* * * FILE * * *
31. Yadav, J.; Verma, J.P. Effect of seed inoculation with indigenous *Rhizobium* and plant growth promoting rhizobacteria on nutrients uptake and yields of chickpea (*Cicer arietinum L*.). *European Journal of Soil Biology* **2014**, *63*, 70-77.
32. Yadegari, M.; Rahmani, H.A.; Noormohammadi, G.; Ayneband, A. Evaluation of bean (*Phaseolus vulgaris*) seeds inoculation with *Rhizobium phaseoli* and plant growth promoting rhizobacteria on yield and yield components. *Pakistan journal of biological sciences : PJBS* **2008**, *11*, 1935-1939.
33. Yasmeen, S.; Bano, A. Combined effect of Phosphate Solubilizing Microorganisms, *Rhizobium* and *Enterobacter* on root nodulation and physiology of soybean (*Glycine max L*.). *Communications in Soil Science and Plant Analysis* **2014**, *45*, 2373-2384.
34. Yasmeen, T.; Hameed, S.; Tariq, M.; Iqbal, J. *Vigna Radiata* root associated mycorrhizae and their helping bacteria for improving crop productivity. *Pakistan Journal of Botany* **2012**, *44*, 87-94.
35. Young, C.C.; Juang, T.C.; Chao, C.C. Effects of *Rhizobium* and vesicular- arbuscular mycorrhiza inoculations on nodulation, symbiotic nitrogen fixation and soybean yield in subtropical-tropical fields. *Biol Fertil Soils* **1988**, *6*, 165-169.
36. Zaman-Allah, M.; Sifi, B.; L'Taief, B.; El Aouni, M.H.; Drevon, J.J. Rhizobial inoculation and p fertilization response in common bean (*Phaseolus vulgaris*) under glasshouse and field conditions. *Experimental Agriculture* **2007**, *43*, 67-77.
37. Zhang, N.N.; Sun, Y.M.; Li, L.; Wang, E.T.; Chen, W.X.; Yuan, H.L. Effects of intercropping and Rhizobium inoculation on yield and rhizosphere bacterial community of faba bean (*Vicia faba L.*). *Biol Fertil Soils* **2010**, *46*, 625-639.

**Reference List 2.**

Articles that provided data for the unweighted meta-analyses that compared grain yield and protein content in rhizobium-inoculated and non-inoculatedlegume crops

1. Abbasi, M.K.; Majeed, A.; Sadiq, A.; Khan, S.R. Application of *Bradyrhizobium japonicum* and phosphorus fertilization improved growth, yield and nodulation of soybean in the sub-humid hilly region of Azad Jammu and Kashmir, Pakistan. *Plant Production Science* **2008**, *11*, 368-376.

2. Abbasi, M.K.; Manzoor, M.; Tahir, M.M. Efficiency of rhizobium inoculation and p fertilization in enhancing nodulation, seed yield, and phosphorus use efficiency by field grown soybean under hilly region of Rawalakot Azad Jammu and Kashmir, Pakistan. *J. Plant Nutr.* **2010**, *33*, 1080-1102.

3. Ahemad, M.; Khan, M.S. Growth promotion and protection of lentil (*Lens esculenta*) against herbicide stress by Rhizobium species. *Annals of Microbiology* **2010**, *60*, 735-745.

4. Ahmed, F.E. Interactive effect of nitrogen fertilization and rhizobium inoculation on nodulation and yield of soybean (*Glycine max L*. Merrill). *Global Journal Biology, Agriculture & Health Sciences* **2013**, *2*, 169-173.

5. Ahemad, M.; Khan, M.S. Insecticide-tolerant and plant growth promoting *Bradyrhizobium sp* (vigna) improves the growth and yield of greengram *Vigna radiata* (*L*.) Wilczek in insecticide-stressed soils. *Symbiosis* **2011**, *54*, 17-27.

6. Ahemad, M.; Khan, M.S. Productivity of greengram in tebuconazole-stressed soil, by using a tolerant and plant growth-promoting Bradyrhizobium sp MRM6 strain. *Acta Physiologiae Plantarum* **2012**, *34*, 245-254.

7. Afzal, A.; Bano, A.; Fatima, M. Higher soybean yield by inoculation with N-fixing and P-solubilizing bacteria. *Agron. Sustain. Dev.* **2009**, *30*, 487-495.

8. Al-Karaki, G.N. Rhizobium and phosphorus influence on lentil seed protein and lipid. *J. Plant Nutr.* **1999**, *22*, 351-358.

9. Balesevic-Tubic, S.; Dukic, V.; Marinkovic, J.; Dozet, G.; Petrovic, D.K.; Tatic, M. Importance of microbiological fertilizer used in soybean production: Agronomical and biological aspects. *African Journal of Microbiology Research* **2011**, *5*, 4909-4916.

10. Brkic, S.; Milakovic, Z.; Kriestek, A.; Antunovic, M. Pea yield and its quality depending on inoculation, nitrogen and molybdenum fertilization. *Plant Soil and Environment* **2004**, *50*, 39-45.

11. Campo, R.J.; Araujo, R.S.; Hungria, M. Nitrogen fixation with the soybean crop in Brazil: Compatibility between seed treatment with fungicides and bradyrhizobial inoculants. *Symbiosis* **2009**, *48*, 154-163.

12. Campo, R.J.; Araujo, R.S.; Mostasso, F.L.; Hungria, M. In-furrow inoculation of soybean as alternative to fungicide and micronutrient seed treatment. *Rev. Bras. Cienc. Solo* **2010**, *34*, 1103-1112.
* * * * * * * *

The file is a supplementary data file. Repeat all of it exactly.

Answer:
31. Yadav, J.; Verma, J.P. Effect of seed inoculation with indigenous *Rhizobium* and plant growth promoting rhizobacteria on nutrients uptake and yields of chickpea (*Cicer arietinum L*.). *European Journal of Soil Biology* **2014**, *63*, 70-77.
32. Yadegari, M.; Rahmani, H.A.; Noormohammadi, G.; Ayneband, A. Evaluation of bean (*Phaseolus vulgaris*) seeds inoculation with *Rhizobium phaseoli* and plant growth promoting rhizobacteria on yield and yield components. *Pakistan journal of biological sciences : PJBS* **2008**, *11*, 1935-1939.
33. Yasmeen, S.; Bano, A. Combined effect of Phosphate Solubilizing Microorganisms, *Rhizobium* and *Enterobacter* on root nodulation and physiology of soybean (*Glycine max L*.). *Communications in Soil Science and Plant Analysis* **2014**, *45*, 2373-2384.
34. Yasmeen, T.; Hameed, S.; Tariq, M.; Iqbal, J. *Vigna Radiata* root associated mycorrhizae and their helping bacteria for improving crop productivity. *Pakistan Journal of Botany* **2012**, *44*, 87-94.
35. Young, C.C.; Juang, T.C.; Chao, C.C. Effects of *Rhizobium* and vesicular- arbuscular mycorrhiza inoculations on nodulation, symbiotic nitrogen fixation and soybean yield in subtropical-tropical fields. *Biol Fertil Soils* **1988**, *6*, 165-169.
36. Zaman-Allah, M.; Sifi, B.; L'Taief, B.; El Aouni, M.H.; Drevon, J.J. Rhizobial inoculation and p fertilization response in common bean (*Phaseolus vulgaris*) under glasshouse and field conditions. *Experimental Agriculture* **2007**, *43*, 67-77.
37. Zhang, N.N.; Sun, Y.M.; Li, L.; Wang, E.T.; Chen, W.X.; Yuan, H.L. Effects of intercropping and Rhizobium inoculation on yield and rhizosphere bacterial community of faba bean (*Vicia faba L.*). *Biol Fertil Soils* **2010**, *46*, 625-639.

**Reference List 2.**

Articles that provided data for the unweighted meta-analyses that compared grain yield and protein content in rhizobium-inoculated and non-inoculatedlegume crops

1. Abbasi, M.K.; Majeed, A.; Sadiq, A.; Khan, S.R. Application of *Bradyrhizobium japonicum* and phosphorus fertilization improved growth, yield and nodulation of soybean in the sub-humid hilly region of Azad Jammu and Kashmir, Pakistan. *Plant Production Science* **2008**, *11*, 368-376.

2. Abbasi, M.K.; Manzoor, M.; Tahir, M.M. Efficiency of rhizobium inoculation and p fertilization in enhancing nodulation, seed yield, and phosphorus use efficiency by field grown soybean under hilly region of Rawalakot Azad Jammu and Kashmir, Pakistan. *J. Plant Nutr.* **2010**, *33*, 1080-1102.

3. Ahemad, M.; Khan, M.S. Growth promotion and protection of lentil (*Lens esculenta*) against herbicide stress by Rhizobium species. *Annals of Microbiology* **2010**, *60*, 735-745.

4. Ahmed, F.E. Interactive effect of nitrogen fertilization and rhizobium inoculation on nodulation and yield of soybean (*Glycine max L*. Merrill). *Global Journal Biology, Agriculture & Health Sciences* **2013**, *2*, 169-173.

5. Ahemad, M.; Khan, M.S. Insecticide-tolerant and plant growth promoting *Bradyrhizobium sp* (vigna) improves the growth and yield of greengram *Vigna radiata* (*L*.) Wilczek in insecticide-stressed soils. *Symbiosis* **2011**, *54*, 17-27.

6. Ahemad, M.; Khan, M.S. Productivity of greengram in tebuconazole-stressed soil, by using a tolerant and plant growth-promoting Bradyrhizobium sp MRM6 strain. *Acta Physiologiae Plantarum* **2012**, *34*, 245-254.

7. Afzal, A.; Bano, A.; Fatima, M. Higher soybean yield by inoculation with N-fixing and P-solubilizing bacteria. *Agron. Sustain. Dev.* **2009**, *30*, 487-495.

8. Al-Karaki, G.N. Rhizobium and phosphorus influence on lentil seed protein and lipid. *J. Plant Nutr.* **1999**, *22*, 351-358.

9. Balesevic-Tubic, S.; Dukic, V.; Marinkovic, J.; Dozet, G.; Petrovic, D.K.; Tatic, M. Importance of microbiological fertilizer used in soybean production: Agronomical and biological aspects. *African Journal of Microbiology Research* **2011**, *5*, 4909-4916.

10. Brkic, S.; Milakovic, Z.; Kriestek, A.; Antunovic, M. Pea yield and its quality depending on inoculation, nitrogen and molybdenum fertilization. *Plant Soil and Environment* **2004**, *50*, 39-45.

11. Campo, R.J.; Araujo, R.S.; Hungria, M. Nitrogen fixation with the soybean crop in Brazil: Compatibility between seed treatment with fungicides and bradyrhizobial inoculants. *Symbiosis* **2009**, *48*, 154-163.

12. Campo, R.J.; Araujo, R.S.; Mostasso, F.L.; Hungria, M. In-furrow inoculation of soybean as alternative to fungicide and micronutrient seed treatment. *Rev. Bras. Cienc. Solo* **2010**, *34*, 1103-1112.